Towards midnight the Catholic mob threw stones at the gate lodge of the manner house, the residence of the respected agent of Lord Lurgan, Mr. John Hancock J.P. No one is resident in the lodge at the present time, but beyond breaking the panes in the gable siding Edward Street, the rioters did no further damage. While this was going on the Protestant party in Hill Street, who never were in large numbers, remained principally on the defensive and they only came in contact one with the Catholic mob. That was when an attempt by them was made to proceed up that street, in which the houses are almost all occupied by Protestants.

The windows of three Roman Catholics were broken. At about half past 12 o'clock matters began to improve if such a word can be used and the rioting became less serious, simply because the rowdies who had held the streets for such a lengthened time, had left little more work in the shape of wrecking houses to be done, there being scarcely a Protestant house in the lower end of Edward Street and some of the adjoining streets which has not suffered. When the rioting was proceeding a Roman Catholic named Thomas Rowan, a weaver residing in Shankill Street, had his right hand blown off by some explosive, or the bursting of some weapon. It has not yet been explained how he received his injury, but he was taken to the union hospital where he was attended to. After matters had quieted the police patrolled the district, and shortly after the peace of the town was restored.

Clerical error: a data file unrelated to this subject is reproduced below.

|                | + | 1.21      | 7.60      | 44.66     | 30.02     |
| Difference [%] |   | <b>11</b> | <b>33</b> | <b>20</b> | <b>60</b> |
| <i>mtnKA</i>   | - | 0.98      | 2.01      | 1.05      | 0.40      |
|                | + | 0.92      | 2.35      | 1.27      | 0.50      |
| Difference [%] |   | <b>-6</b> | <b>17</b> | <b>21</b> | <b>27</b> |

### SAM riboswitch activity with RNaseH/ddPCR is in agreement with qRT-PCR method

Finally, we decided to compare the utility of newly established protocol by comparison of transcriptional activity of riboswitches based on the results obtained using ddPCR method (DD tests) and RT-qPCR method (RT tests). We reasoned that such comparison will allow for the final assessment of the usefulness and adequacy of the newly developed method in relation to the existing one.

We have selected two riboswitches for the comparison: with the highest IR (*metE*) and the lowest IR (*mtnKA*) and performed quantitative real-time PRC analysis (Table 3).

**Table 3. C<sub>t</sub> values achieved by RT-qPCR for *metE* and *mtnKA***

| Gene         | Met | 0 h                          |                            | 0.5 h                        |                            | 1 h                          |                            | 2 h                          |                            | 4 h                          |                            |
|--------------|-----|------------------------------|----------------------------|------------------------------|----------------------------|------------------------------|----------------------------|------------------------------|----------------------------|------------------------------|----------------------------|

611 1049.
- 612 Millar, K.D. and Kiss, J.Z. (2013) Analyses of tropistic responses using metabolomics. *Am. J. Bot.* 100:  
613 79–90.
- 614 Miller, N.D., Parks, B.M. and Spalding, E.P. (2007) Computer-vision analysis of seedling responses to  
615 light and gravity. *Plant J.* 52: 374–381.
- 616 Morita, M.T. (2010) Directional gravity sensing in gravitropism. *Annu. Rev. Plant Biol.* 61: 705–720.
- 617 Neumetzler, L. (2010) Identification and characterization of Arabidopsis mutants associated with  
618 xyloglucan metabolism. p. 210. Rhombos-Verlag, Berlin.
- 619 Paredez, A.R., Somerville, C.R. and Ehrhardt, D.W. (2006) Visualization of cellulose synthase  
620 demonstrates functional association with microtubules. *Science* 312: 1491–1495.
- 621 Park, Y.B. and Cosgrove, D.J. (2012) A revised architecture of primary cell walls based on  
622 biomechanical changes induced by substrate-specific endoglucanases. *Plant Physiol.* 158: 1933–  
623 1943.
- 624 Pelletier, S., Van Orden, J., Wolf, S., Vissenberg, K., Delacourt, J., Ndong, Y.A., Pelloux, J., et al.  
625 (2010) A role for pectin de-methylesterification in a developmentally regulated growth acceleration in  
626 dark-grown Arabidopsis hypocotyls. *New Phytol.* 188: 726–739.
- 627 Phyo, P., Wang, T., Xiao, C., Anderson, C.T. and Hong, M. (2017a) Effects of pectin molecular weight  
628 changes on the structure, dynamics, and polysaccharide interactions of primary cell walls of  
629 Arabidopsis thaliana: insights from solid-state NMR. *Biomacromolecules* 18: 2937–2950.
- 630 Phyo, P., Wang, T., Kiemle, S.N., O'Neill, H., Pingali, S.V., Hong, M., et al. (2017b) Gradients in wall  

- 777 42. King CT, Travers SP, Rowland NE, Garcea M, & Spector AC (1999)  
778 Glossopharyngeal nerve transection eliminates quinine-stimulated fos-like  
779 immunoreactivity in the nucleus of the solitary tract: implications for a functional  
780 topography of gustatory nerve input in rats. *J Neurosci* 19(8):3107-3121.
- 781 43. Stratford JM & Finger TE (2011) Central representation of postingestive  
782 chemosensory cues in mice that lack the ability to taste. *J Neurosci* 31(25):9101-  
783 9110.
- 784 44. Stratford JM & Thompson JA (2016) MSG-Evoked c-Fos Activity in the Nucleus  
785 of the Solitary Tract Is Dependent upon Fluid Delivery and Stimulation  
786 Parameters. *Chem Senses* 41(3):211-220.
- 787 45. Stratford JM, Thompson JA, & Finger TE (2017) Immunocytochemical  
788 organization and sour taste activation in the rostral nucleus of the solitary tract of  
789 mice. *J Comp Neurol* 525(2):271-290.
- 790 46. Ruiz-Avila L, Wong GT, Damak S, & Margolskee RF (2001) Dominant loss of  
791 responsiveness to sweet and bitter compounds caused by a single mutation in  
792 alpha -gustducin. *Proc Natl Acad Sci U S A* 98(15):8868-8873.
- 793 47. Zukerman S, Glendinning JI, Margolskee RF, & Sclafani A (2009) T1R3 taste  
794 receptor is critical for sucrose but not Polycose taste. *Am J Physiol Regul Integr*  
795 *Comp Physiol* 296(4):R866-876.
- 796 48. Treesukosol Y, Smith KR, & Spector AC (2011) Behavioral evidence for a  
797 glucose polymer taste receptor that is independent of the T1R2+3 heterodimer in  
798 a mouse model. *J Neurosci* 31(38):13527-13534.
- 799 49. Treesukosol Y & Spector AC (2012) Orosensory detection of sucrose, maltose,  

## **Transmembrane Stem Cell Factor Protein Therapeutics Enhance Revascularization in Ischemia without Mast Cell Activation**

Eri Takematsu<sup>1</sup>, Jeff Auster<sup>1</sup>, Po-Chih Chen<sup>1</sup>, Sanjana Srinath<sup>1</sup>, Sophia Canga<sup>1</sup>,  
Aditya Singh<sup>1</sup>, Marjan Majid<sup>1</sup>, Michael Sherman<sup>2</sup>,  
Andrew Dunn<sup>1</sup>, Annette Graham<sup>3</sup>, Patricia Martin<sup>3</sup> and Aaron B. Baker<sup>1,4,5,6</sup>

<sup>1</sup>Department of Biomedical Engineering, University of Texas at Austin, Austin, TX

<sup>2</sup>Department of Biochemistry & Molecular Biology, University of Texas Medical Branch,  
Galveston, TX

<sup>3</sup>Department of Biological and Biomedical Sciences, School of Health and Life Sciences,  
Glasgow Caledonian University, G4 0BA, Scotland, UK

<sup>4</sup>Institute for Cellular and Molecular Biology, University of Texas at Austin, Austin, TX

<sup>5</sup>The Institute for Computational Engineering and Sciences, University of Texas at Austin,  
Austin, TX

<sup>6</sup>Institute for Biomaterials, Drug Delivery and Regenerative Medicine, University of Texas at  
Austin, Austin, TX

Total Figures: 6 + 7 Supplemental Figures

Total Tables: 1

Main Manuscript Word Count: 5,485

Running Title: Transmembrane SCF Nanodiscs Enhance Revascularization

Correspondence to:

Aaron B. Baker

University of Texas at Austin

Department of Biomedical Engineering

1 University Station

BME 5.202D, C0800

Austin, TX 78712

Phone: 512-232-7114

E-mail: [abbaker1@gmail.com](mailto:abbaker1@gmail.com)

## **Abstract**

The disorder which prevailed has scarcely ever been equalled in Lurgan. The exact nature of the damage done was not known until daybreak. The upper end of Edward Street and the streets adjoining, from Shankill Street down presented the appearance of a little town that had withstood a siege. The streets were thickly strewn over with stones, many of which must have been carried some distance as they were the type such as would be found in a field. The locality was visited by a considerable number of inhabitants from other areas of the town and great surprise was expressed at the extent of the depredations. Mr. Nicholson, whose shop had been broken open and goods stolen has been obliged to leave the dangerous position which he occupied in the very midst of the pound and take premisses elsewhere.

The bad feeling which prevailed in Lurgan appears to have spread to the country, for on Saturday night a disgraceful outrage was perpetrated on an inoffensive Protestant named David Corner, in the townland of Derrytrasna, in the district known as the Montiaghs, about six miles from Lurgan. It seems that Corner and two or three others were proceeding home to the Bannfoot with horses and carts, when a mob of about 100 attacked them. Corner's companions succeeded in escaping, but he was not so fortunate, as he was severely kicked and beaten by the ruffians and his horse killed. None of the perpetrators of this outrage have been arrested. The owners of the houses which were maliciously damaged in Lurgan applied for compensation in the amount of 555.9s and it was expected that other claims would be made.